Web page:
The World Health Organisation WHO is urging leaders attending the 76th session of the United Nations General Assembly (UNGA) this week to guarantee equitable access to COVID-19 vaccines and other life-saving tools and to ensure the world is better prepared to respond to future pandemics.
According to the WHO, the COVID-19 pandemic has already claimed the lives of nearly 5 million people around the globe, and the virus continues to circulate actively in all regions of the world.
It said that vaccines are the most critical tool to end the pandemic and save lives and livelihoods. More than 5.7 billion vaccine doses have been administered globally, but 73% of all doses have been administered in just 10 countries. High-income countries have administered 61 times more doses per inhabitant than low-income countries. The longer vaccine inequity persists, the more the virus will keep circulating and evolving, and the longer the social and economic disruption will continue.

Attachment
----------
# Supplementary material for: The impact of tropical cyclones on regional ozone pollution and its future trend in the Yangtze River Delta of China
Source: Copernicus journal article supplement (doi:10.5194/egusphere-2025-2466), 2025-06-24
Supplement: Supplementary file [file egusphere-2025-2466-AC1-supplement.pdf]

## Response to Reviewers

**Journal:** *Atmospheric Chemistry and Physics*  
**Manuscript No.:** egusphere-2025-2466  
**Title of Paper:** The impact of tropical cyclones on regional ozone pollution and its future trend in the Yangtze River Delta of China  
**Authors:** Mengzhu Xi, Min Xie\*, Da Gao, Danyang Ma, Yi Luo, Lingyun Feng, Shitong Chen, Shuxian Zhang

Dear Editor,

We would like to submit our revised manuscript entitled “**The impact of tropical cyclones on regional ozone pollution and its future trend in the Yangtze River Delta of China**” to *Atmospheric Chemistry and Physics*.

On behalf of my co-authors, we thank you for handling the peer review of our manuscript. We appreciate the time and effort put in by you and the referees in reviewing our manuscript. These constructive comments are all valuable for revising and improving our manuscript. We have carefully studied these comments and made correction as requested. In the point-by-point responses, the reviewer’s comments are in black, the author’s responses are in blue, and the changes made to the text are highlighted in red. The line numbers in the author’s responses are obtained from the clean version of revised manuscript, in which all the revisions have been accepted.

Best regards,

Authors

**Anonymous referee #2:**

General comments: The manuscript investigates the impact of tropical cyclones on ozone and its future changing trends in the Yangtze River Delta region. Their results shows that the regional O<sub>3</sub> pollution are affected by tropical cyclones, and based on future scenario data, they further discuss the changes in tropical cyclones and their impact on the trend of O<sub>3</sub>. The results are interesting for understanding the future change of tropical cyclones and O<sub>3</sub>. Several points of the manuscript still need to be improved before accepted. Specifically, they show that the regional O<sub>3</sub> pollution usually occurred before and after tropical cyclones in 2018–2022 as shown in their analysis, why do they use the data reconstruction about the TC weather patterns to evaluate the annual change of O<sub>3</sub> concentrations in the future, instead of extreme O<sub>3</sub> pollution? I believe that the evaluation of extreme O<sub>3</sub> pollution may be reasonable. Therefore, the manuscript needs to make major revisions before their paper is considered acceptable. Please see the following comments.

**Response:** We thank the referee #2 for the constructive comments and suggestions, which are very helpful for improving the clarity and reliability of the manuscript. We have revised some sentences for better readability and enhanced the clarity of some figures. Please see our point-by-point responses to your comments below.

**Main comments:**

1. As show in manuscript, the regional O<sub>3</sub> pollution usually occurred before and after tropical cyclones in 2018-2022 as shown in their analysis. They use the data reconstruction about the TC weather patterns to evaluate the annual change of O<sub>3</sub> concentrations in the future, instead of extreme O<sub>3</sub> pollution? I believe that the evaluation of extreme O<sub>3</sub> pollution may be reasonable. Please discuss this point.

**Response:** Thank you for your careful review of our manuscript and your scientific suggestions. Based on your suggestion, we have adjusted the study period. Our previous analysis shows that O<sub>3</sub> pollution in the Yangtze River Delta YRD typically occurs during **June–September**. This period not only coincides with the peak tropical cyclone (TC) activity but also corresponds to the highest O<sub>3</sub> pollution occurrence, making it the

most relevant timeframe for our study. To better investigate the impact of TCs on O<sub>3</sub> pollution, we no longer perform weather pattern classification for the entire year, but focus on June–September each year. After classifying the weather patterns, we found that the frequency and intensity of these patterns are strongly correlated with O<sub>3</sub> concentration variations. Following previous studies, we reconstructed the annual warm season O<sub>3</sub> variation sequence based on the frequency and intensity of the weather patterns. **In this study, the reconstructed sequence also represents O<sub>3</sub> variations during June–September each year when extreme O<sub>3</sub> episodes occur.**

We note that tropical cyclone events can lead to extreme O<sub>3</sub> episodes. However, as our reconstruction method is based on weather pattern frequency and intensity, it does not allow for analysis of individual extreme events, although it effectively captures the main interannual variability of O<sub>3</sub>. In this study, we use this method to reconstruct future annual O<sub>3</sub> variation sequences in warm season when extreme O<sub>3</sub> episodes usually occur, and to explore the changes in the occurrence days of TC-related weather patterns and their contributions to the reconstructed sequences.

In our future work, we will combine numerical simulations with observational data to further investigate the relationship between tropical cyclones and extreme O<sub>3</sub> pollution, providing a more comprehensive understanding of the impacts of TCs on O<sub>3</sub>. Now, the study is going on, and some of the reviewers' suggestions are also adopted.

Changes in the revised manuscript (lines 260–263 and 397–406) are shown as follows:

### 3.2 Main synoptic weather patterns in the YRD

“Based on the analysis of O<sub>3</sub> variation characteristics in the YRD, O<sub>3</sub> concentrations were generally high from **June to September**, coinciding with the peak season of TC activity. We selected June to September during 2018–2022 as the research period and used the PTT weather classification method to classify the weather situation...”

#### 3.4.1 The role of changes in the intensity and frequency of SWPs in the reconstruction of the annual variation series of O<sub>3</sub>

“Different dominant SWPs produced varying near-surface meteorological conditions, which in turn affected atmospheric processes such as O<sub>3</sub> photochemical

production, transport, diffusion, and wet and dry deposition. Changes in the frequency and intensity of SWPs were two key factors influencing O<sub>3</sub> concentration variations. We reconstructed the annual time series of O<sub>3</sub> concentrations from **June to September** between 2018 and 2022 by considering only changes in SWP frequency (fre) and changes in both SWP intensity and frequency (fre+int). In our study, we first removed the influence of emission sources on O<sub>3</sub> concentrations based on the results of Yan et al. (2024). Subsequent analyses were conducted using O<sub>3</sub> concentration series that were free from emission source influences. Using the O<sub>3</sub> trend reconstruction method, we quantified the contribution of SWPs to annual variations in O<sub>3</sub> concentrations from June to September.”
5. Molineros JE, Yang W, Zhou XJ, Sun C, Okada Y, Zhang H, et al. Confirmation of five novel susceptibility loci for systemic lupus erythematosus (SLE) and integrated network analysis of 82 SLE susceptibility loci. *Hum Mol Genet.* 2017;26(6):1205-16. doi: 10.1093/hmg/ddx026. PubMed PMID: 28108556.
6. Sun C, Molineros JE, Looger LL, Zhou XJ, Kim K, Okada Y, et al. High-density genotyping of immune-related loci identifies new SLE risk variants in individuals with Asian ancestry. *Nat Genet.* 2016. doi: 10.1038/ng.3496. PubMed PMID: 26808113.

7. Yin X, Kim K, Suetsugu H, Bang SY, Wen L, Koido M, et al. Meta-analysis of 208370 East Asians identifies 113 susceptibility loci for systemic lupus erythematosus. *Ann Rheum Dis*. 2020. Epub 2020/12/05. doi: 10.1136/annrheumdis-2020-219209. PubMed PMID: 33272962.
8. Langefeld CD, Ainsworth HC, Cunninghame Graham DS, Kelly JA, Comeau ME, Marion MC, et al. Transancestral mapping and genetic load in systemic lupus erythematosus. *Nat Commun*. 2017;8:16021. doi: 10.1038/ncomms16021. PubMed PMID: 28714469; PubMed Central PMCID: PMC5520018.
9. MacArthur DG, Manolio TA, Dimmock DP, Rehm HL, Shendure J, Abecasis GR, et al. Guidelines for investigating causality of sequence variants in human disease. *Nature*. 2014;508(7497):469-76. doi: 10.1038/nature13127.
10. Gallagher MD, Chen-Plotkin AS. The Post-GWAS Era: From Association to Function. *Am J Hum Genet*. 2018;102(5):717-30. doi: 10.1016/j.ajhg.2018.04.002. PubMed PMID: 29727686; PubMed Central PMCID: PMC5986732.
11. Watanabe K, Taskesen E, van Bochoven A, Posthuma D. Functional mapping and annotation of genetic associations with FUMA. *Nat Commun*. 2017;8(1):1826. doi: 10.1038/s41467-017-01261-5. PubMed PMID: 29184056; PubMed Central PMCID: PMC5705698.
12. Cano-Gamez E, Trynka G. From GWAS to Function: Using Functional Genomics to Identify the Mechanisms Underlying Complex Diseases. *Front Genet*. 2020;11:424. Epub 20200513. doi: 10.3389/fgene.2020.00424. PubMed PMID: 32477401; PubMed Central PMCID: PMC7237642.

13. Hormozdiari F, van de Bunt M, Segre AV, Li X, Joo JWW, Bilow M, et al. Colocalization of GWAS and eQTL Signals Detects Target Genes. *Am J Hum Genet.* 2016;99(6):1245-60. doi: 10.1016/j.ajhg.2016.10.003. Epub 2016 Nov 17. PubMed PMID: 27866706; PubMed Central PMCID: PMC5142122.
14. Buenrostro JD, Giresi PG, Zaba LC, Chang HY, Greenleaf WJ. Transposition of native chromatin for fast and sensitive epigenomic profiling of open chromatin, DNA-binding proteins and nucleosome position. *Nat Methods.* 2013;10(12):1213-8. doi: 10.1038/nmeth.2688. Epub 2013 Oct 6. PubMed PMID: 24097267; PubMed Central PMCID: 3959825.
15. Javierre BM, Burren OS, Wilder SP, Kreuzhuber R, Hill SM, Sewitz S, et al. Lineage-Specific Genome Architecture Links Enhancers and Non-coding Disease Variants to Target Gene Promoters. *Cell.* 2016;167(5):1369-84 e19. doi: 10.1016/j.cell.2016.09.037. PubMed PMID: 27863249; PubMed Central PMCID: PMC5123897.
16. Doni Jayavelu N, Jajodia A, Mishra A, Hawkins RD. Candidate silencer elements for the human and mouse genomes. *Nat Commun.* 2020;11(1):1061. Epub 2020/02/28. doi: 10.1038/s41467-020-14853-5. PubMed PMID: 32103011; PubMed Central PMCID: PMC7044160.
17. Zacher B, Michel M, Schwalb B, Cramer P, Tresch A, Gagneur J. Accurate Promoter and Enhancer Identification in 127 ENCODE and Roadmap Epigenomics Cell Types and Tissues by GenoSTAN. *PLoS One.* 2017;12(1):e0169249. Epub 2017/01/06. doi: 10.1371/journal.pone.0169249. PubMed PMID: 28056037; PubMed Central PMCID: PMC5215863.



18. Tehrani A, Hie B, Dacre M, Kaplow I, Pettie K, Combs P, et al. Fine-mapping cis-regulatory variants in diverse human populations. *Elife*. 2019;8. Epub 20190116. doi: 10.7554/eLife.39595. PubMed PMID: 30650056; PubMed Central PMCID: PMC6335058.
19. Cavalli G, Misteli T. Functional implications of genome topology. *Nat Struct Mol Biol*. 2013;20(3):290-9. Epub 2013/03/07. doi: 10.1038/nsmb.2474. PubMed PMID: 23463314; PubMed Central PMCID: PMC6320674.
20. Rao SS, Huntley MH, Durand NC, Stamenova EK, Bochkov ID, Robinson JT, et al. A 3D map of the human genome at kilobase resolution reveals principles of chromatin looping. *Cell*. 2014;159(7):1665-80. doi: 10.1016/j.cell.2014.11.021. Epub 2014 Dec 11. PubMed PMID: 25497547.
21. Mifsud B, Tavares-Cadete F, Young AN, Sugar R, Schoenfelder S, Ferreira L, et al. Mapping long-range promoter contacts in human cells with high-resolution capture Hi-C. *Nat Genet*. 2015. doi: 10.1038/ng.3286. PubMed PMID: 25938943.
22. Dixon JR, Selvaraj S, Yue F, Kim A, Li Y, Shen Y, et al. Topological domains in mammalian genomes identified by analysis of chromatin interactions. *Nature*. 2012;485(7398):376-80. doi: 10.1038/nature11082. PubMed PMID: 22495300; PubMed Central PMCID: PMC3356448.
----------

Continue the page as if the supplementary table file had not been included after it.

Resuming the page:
WHO’s targets are to vaccinate at least 40% of the population of every country by the end of this year, and 70% by the middle of next year. It said these targets are achievable if countries and manufacturers make a genuine commitment to vaccine equity.
WHO is calling on countries to fulfil their dose-sharing pledges immediately and to swap their near-term vaccine deliveries with COVAX and AVAT (African COVID-19 Vaccine Acquisition Task Team); WHO is also calling on manufacturers to prioritize supplies to COVAX and partners, and for countries and manufacturers to facilitate the sharing of technology, know-how and intellectual property to support regional vaccine manufacturing.
It also said that even as countries focus on ending this pandemic, the world must also prepare for future pandemics and other health emergencies:
“COVID-19 caught the world – including wealthy nations – unprepared for a pandemic of this speed and scale. It hit vulnerable populations particularly hard and exacerbated inequalities.
WHO urges all countries to break the cycle of ‘panic and neglect’ seen after previous health emergencies, and commit adequate financial resources, as well as political will, to strengthening health emergency preparedness across the globe.”